I’ve broken everything. It was painted black, but
there’s not much paint left on it. I’ve ripped it to
shreds. I’ve actually gouged a gully behind the
bridge from playing so hard. It does have the
original pickups, tremolo and slapboard neck—
meaning it’s a big, thick piece of rosewood
instead of veneer. It’s got a beautiful sound.
Premier Guitar’s maxim is “the relentless
pursuit of tone.” What do you think
constitutes good tone?
so I said, “You know, I think this guitar could
be better for me. I could dig into it a little bit
more and get more sound.” Watt said, “Well,
just take it on the road. And then when we’re
done with the tour just buy it from me, because
I don’t need it.” He had kind of snaked it from
J Mascis when he was on tour with Dinosaur Jr.,
or J had played it and didn’t like it. So, I played
it on tour, and at the end of the tour I got paid
and bought it. I remember at the time thinking,
“Ouch, it’s 800 dollars.” Now I think they’re
about six or seven thousand.
especially around that time when there was a
lot of good detuned rock going on in the No
Wave scene. If the bridges are set right, then
I have some specific notes I can play behind
the bridge, and it has a bell-like resonance. I
can also really distort it. I can just rip behind
the bridge and create the sound of tearing or
horrible shrieking. I don’t know why I like those
kinds of sounds, but I do. Sometimes, just
before a big chord, I like to swipe behind the
strings and then hit the chord so it creates this
splaying effect. It’s just part of my sound. I’m
lost without it. It’s no fun to play other guitars
for a whole night because I’m so used to being
able to go to certain sounds like that.
If the bridges are set right, I can play
behind the bridge, and it has a bell-
like resonance. I can create the sound of
tearing or horrible shrieking.
Cline’s stable of live guitars: Jazzmasters, Jaguars, Bill Nash Tele-style, and Jerry Jones oddities. Photo by Anne Erickson
It’s just a personal choice. I think if you can manifest the sound you’re hearing in your head, then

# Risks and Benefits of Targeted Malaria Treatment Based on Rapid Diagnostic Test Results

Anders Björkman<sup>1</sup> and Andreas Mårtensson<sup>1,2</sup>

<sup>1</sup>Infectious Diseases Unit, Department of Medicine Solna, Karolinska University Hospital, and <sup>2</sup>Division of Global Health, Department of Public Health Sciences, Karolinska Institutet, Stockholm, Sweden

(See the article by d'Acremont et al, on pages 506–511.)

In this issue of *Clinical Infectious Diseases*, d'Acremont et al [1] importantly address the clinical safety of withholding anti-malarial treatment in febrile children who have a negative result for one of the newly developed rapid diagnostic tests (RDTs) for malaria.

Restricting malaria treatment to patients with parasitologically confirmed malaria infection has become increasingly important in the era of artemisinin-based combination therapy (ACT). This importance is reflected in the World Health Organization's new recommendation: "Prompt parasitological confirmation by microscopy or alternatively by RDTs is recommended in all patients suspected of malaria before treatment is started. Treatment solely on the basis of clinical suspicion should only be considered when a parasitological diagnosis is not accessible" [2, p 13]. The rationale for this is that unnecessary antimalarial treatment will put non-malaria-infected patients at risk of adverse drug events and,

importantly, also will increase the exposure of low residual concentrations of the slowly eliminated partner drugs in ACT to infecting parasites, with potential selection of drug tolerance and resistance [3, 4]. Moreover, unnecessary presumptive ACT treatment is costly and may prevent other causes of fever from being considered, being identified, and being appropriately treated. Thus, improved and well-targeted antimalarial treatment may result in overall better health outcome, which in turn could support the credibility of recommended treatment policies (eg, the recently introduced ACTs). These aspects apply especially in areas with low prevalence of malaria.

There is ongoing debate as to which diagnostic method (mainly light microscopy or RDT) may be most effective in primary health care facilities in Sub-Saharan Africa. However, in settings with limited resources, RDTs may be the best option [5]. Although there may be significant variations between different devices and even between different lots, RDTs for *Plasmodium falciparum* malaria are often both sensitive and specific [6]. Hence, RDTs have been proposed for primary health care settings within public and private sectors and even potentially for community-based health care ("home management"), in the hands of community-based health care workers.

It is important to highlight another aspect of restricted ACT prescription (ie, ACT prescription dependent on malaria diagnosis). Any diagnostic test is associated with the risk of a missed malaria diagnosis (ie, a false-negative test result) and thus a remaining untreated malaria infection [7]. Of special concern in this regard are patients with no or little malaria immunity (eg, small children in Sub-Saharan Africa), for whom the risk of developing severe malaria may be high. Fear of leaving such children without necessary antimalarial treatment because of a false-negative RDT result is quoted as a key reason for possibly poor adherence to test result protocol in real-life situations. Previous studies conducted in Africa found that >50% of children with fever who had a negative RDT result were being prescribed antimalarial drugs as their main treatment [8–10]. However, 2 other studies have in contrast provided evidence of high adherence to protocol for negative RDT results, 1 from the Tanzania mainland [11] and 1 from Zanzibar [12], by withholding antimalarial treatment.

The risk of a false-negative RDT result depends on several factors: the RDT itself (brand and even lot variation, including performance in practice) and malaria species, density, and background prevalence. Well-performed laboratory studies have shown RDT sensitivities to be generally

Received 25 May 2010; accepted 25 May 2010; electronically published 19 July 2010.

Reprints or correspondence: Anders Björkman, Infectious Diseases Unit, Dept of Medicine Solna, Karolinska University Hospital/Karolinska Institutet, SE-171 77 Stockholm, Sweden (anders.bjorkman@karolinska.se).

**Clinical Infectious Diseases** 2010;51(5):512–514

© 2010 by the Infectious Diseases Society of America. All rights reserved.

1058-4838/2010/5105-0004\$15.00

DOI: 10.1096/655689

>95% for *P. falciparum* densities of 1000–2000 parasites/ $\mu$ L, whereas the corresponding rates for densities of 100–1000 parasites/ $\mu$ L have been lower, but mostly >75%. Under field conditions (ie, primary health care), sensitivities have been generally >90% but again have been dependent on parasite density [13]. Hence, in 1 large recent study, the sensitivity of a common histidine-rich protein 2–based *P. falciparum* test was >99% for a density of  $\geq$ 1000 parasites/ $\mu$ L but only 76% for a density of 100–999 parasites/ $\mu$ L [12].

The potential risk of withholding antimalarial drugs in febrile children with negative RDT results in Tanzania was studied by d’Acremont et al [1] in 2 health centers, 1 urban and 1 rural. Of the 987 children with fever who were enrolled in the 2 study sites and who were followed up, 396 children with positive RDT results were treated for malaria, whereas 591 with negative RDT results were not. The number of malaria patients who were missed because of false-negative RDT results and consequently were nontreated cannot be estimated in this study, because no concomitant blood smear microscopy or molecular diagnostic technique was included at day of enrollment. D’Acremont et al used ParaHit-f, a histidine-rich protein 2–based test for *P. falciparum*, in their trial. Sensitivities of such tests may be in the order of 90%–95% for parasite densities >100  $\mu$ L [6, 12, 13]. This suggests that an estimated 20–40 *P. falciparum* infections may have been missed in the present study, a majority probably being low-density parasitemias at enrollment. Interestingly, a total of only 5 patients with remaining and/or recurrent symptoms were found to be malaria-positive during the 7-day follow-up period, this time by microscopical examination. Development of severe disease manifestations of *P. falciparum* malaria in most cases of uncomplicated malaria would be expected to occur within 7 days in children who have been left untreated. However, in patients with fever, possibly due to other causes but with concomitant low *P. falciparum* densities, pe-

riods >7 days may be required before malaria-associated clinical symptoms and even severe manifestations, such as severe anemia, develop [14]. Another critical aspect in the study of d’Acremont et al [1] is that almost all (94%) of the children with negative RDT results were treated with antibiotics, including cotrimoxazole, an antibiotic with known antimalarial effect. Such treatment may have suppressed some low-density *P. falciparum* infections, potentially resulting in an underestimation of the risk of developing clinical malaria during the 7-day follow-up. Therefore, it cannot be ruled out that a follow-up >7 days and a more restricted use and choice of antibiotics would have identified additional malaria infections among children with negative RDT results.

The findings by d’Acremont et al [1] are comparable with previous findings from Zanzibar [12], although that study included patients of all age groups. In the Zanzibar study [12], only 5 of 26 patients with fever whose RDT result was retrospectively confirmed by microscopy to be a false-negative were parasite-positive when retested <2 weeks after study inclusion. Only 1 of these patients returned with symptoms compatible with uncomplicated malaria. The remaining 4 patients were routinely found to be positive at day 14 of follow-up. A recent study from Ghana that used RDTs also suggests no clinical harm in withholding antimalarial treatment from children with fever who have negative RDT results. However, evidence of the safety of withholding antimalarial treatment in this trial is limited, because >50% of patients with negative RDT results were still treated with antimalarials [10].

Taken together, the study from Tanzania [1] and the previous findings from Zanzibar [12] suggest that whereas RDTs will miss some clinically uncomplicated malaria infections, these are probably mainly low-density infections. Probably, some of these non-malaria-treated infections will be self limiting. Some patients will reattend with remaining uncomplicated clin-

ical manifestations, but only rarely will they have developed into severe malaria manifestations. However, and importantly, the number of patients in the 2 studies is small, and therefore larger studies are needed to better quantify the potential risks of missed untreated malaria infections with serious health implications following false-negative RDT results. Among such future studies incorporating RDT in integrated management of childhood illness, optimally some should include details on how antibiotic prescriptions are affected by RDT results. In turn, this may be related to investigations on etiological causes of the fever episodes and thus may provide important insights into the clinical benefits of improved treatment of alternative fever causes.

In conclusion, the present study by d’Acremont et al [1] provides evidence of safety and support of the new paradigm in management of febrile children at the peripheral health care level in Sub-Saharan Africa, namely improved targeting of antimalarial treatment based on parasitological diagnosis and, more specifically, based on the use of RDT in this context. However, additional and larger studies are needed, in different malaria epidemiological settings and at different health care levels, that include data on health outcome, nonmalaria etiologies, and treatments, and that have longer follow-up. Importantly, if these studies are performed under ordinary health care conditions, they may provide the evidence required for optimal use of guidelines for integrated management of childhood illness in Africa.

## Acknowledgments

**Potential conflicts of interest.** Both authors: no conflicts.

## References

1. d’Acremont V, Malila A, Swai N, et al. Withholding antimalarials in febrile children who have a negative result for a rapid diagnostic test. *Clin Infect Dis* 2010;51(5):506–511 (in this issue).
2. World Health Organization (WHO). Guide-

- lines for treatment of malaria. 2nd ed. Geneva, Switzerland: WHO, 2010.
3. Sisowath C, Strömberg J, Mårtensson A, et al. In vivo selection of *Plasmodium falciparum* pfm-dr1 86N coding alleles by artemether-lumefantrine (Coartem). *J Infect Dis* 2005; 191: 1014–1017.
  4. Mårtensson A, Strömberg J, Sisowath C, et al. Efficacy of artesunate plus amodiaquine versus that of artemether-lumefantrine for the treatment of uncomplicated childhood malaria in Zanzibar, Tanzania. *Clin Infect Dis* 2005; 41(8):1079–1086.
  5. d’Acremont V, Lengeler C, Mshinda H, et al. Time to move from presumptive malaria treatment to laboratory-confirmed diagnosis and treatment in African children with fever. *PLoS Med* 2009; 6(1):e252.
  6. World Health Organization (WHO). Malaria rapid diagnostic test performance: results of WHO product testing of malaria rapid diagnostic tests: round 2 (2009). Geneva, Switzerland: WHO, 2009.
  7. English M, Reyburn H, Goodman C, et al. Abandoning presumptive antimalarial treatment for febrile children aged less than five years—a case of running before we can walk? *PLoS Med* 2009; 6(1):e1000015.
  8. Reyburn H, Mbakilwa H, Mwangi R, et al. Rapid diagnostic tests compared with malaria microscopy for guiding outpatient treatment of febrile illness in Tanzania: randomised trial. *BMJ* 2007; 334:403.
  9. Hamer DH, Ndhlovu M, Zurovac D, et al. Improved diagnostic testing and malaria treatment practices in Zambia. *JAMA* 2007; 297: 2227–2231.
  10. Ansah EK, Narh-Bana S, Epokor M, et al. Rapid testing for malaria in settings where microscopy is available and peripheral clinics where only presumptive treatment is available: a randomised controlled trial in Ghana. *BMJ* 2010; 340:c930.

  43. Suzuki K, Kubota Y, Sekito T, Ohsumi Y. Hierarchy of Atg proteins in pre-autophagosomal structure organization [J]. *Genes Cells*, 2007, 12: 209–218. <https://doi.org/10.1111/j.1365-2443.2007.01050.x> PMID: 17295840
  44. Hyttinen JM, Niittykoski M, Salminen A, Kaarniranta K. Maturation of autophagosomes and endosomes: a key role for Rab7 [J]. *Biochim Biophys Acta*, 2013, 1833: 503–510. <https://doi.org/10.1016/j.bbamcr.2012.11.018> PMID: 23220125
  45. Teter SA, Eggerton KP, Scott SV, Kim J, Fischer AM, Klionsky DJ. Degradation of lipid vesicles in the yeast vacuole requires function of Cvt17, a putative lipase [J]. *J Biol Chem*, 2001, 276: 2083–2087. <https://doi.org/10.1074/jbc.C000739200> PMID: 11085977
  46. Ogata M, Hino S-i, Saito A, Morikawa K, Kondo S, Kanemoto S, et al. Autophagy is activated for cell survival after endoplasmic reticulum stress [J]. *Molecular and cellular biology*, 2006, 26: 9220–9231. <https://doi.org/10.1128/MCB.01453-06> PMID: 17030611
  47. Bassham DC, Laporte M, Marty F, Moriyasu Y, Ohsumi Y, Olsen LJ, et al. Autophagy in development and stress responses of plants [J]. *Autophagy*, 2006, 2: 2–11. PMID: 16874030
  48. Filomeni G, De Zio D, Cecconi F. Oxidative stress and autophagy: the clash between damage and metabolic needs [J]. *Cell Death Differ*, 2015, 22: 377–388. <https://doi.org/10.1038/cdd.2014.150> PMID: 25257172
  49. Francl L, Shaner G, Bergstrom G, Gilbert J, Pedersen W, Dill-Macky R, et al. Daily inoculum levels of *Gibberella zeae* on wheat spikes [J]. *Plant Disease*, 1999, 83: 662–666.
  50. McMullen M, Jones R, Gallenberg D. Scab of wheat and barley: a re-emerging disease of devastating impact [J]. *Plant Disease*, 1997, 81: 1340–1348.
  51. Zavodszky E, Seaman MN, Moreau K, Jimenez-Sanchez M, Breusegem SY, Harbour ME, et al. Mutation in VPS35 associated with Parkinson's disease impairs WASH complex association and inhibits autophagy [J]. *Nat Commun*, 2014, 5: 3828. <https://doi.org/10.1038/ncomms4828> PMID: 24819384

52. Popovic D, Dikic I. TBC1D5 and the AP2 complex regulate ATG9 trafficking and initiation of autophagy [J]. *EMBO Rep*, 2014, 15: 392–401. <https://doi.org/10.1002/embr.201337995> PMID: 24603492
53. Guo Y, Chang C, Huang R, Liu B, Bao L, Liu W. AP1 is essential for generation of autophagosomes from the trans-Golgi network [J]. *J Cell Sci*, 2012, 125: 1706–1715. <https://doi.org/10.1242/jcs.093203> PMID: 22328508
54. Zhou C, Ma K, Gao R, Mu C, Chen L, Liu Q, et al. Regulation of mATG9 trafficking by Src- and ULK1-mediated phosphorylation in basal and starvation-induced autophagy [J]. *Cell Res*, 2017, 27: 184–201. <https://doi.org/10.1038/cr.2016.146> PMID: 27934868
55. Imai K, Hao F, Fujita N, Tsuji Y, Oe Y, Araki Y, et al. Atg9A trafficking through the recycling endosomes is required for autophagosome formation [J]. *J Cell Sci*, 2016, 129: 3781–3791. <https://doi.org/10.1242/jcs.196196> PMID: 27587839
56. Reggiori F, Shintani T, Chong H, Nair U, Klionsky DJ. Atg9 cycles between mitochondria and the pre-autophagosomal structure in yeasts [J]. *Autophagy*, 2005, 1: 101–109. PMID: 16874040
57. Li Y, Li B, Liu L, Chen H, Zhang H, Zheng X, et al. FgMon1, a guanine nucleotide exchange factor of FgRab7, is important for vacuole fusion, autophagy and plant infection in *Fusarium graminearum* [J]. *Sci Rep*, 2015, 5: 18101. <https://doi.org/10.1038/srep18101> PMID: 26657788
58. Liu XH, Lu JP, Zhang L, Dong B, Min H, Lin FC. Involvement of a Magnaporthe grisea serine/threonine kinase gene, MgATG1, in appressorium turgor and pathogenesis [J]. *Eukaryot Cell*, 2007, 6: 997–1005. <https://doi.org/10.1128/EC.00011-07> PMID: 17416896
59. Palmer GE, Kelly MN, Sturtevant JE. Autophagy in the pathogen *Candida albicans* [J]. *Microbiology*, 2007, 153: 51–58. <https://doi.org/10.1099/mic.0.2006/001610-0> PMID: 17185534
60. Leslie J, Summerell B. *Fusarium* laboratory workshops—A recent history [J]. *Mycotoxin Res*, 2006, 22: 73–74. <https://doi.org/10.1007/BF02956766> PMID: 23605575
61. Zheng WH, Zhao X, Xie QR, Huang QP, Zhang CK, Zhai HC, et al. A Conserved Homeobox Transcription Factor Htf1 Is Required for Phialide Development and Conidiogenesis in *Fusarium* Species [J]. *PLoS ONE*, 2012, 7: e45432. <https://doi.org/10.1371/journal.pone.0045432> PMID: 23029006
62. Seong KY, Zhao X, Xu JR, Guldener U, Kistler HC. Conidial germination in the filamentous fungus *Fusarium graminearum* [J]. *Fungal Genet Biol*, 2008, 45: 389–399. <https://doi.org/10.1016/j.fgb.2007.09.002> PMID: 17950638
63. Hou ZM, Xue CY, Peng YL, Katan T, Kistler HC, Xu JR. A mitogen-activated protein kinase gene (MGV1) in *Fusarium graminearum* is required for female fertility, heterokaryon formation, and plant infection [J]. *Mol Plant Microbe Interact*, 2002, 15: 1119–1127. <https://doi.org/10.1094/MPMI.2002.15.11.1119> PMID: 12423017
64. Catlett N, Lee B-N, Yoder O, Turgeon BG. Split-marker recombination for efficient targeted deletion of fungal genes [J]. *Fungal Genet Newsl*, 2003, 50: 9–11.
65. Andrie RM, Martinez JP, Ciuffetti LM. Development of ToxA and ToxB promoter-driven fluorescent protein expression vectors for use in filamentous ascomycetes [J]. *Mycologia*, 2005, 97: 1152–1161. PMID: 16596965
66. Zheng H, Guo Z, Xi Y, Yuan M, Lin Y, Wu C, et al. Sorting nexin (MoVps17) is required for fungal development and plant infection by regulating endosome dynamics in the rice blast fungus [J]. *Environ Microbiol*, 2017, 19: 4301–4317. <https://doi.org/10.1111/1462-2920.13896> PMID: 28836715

you have your tone. It doesn’t necessarily mean
it’s somebody else’s idea of good tone. For
example, I’m always trying to get rid of treble.
I try to find some rich low-mids, and that’s why
I have this Tim Schroeder amp that I play right
now. He designed it with that in mind for me. I
find a lot of these class A, handwired, point-to-point amps are very, very treble-y, and I don’t
know if it’s the speaker choices or what, but I
cannot deal with the sound of those amps, personally. But somebody else can come along and
play with a treble-y sound and sound fantastic.
Everybody has a different idea about how they
feel sound and music. I have a lot of pedals that
give me certain tones, so that’s the same pursuit.
It’s the same dream and vision: just trying to find
things that satisfy what I’m hearing in my head.
What’s on your pedalboard right now?
The Wilco pedalboard is a little different from
what I use for my own music in that it has a lot
more distortion boxes. But the things I always
use, in every kind of music, are a Boss volume
pedal, the Klon Centaur overdrive, a Boss CS- 3
compressor pedal that everyone laughs at me
for using because they think it’s bad and I love it,
a Z. Vex Fuzz Factory, and my Electro-Harmonix
16-Second Digital Delay from the ’80s.
Why did you think the Jazzmaster’s slightly
longer string length could work for you?
Let’s talk about Wilco. On the new record,
there seem to be more layers. Would you
say this is more of a studio record than
It feels more solid and taut, which I like because I
play pretty hard. I don’t often like light or mushy
setups because I tend to really dig in sometimes.
Why is having the strings behind the bridge
important to you?
It makes the palette so much broader. I remember hearing that sound on Sonic Youth records,
Did you ever imagine that Jazzmaster
would become your main guitar?
Not at all. I didn’t realize at first that it was one
of the best-sounding Jazzmasters. I used to
just throw the thing around mercilessly. Then I
realized it was a really great year for them and
a great instrument. But you know, there’s not
that much original left on the guitar, because
Absolutely. I think that was Jeff’s concept
from the very beginning. He wanted to take
the opposite approach of Sky Blue Sky, which
is essentially live performances. The basics
for Wilco (The Album) were recorded in New
Zealand, and I wasn’t even there.
You have a lot of killer guitar duels on your
records now—as well as live. What do you like
most about playing in a three-guitar band?